Studies show a weak relationship between tip amounts and quality of service. But the color gold seems to have a way of making diners feel wealthier – and more generous.
Memberships, subscriptions and small donations are reducing reliance on big grants, but mainly for the outlets that were already flourishing.
Something needed to be done to mask the taste of bootleg alcohol that could include ingredients ranging from dead rats to wood tar.
Lynes was a highly sought-after commercial and fashion photographer in the 1930s and 1940s. But he had to keep his most important body of work hidden away.
Gone are the support, preparation and security typically granted to staff correspondents.
Edgar Allen Poe, Sigmund Freud and cognitive scientists have all wrestled with the human tendency to behave in ways that are irrational and self-defeating.
With the surprise meticulously planned, all eyes – and lenses – turn to the kids. All they have to do is react as expected: overjoyed. So why don't they?
Schadenfreude seems to arise out of envy and a sense of justice. But some psychologists believe a darker impulse is at play.
As people have grown closer and more connected, the old definition of loneliness slipped away – and a new one has emerged.
Each day, readers are bombarded with shocking, inspiring and informative images. In their overwhelming volume, they can be easily forgotten. Nonetheless, some do rise to the top.
Two hundred years ago, an Austrian priest teamed up with a schoolteacher to perform the first rendition of 'Silent Night.' Little did they know that it would one day be sung in over 300 languages.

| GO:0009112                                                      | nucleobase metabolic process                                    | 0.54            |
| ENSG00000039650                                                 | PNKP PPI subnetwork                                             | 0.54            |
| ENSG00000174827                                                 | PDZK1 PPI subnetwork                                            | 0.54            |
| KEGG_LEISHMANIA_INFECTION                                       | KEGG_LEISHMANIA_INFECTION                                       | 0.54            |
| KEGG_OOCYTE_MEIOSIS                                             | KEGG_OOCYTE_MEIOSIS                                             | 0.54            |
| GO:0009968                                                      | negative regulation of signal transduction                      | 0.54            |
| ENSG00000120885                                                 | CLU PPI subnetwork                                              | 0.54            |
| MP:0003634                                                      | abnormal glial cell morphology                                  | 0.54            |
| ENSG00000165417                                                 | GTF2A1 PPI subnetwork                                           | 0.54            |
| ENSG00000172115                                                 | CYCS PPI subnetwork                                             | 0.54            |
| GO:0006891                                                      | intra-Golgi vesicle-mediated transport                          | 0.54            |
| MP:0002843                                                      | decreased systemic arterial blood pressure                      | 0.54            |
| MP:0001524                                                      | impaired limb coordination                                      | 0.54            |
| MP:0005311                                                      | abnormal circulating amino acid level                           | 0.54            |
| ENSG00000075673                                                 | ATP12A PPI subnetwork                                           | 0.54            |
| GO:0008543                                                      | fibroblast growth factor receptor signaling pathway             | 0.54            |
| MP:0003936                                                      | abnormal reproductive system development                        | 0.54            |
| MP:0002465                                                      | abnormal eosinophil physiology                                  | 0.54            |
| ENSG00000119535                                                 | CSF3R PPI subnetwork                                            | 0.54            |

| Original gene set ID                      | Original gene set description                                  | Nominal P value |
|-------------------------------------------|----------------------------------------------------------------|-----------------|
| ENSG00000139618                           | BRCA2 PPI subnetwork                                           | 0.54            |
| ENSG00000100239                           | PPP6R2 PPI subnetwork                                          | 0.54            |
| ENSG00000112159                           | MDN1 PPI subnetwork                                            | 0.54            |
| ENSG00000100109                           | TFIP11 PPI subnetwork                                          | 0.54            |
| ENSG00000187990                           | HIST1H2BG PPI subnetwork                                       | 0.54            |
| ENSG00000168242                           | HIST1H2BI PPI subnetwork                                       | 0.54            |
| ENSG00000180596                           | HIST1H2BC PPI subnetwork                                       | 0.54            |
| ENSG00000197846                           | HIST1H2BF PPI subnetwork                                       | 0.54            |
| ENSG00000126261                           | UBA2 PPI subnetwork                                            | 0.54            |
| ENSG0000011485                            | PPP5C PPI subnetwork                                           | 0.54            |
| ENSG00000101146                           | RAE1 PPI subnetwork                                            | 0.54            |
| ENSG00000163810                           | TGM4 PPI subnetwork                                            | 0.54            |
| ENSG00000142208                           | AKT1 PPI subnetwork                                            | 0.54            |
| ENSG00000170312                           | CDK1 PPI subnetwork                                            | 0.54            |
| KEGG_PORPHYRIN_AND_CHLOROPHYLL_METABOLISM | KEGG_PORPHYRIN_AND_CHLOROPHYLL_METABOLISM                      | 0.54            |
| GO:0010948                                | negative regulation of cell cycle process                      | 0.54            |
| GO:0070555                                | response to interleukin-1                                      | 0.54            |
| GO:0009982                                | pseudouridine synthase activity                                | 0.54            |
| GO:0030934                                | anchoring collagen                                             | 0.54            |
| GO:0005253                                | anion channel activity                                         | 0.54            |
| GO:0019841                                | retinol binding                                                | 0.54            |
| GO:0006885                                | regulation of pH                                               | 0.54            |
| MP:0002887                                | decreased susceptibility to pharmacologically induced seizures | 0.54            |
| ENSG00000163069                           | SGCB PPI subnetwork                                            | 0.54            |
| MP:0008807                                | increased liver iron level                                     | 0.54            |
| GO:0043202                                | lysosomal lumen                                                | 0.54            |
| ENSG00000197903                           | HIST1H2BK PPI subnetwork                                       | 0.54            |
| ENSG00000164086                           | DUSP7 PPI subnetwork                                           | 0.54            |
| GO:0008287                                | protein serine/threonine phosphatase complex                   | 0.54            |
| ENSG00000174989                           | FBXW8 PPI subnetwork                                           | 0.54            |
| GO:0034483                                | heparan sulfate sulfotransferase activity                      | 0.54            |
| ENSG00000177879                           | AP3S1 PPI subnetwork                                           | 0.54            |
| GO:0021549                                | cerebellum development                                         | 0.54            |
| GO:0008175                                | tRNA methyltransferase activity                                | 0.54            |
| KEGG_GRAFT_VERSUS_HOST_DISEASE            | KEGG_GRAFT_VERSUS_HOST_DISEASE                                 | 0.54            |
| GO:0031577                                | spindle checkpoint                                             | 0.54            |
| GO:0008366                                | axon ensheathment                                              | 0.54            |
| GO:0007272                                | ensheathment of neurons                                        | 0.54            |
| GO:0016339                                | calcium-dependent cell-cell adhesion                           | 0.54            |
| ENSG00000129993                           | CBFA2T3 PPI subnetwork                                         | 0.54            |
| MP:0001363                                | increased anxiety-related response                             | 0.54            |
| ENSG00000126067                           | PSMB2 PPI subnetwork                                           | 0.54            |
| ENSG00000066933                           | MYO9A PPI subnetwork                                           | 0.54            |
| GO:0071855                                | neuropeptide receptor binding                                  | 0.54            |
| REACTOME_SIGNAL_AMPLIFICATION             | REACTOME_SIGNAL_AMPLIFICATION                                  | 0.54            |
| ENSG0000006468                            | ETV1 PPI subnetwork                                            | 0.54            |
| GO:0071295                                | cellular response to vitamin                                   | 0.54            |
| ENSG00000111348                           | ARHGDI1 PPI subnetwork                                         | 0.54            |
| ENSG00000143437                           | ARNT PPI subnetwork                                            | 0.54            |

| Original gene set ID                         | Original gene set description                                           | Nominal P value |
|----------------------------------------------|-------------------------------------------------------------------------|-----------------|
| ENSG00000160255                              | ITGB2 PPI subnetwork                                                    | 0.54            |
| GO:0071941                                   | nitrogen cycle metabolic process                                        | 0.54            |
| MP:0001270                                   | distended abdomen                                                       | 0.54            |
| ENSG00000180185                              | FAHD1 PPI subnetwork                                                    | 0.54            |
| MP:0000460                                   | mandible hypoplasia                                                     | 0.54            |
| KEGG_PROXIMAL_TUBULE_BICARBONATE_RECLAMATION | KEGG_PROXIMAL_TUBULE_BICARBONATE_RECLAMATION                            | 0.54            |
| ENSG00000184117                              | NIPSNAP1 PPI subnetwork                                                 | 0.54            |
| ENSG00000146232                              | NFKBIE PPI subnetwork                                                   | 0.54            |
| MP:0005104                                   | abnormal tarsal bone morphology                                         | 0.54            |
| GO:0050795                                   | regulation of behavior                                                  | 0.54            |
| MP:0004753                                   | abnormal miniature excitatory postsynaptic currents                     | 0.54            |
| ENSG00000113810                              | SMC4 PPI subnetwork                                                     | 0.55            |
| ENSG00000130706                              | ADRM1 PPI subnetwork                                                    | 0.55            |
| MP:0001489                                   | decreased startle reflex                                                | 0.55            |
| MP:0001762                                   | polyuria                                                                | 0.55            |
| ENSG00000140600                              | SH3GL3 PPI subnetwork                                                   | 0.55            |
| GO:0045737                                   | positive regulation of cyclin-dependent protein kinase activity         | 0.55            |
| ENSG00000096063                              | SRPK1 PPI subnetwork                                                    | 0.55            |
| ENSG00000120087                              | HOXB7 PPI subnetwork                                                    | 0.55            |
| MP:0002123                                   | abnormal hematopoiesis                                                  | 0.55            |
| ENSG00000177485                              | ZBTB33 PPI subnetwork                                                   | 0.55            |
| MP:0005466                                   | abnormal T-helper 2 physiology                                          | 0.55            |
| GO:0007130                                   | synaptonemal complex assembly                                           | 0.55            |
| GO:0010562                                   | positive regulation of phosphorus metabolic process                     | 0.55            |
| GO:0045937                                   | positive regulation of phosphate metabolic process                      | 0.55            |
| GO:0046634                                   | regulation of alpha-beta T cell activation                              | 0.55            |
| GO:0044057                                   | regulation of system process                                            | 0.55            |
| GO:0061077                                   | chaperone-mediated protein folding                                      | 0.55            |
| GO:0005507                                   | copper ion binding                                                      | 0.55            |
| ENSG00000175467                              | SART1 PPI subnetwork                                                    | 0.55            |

The lamps that once lit London's streets have come to symbolize a certain time and place in British history.
Some say the hysteria over screen time echoes parents' worries that their kids were watching too much TV in the 1980s. But new studies show there's nothing overblown about parents' growing concern.
The Harry Potter universe has become a popular setting for stories featuring autistic characters, written by young writers eager to tackle a complex topic.
Sixty years ago, stereo promised to forever change the way people listened to music. But how could record companies convince customers to buy a new record player, speakers and amplifier?
For centuries, readers have written in the margins of their books to indicate admiration, disagreement or inspiration. Plath was no different.
The Slave Societies Digital Archive documents the lives of approximately 6 million free and enslaved Africans in the Americas.
Striking 20th-century garment workers wore their best dresses and hats to send a message that they had the right to be taken seriously and have their voices heard.
Children in countries like South Korea and Russia are more obedient, while American kids tend to be more self-indulgent.
It's easier to make the list than you might think.
A recent survey found that Americans trust local media outlets far more than national ones.
In a time when women were expected to be silent, no topic was off limits for Pulter, who penned verses about politics, science and loss. Her manuscript was just published in a free digital archive.
For decades, Bangladesh had a very vibrant – and highly political – rock scene. But the genre is struggling to survive the country's crackdown on dissent and increasing Islamic conservatism.
The Pilgrims repeatedly thanked God for their good fortune. But without two earlier developments, the entire undertaking at New Plymouth would have likely failed.
Throughout the movement's history, African Americans and whites lived, worked and protested side-by-side. It was one of the few long-term experiments in American interracial communalism.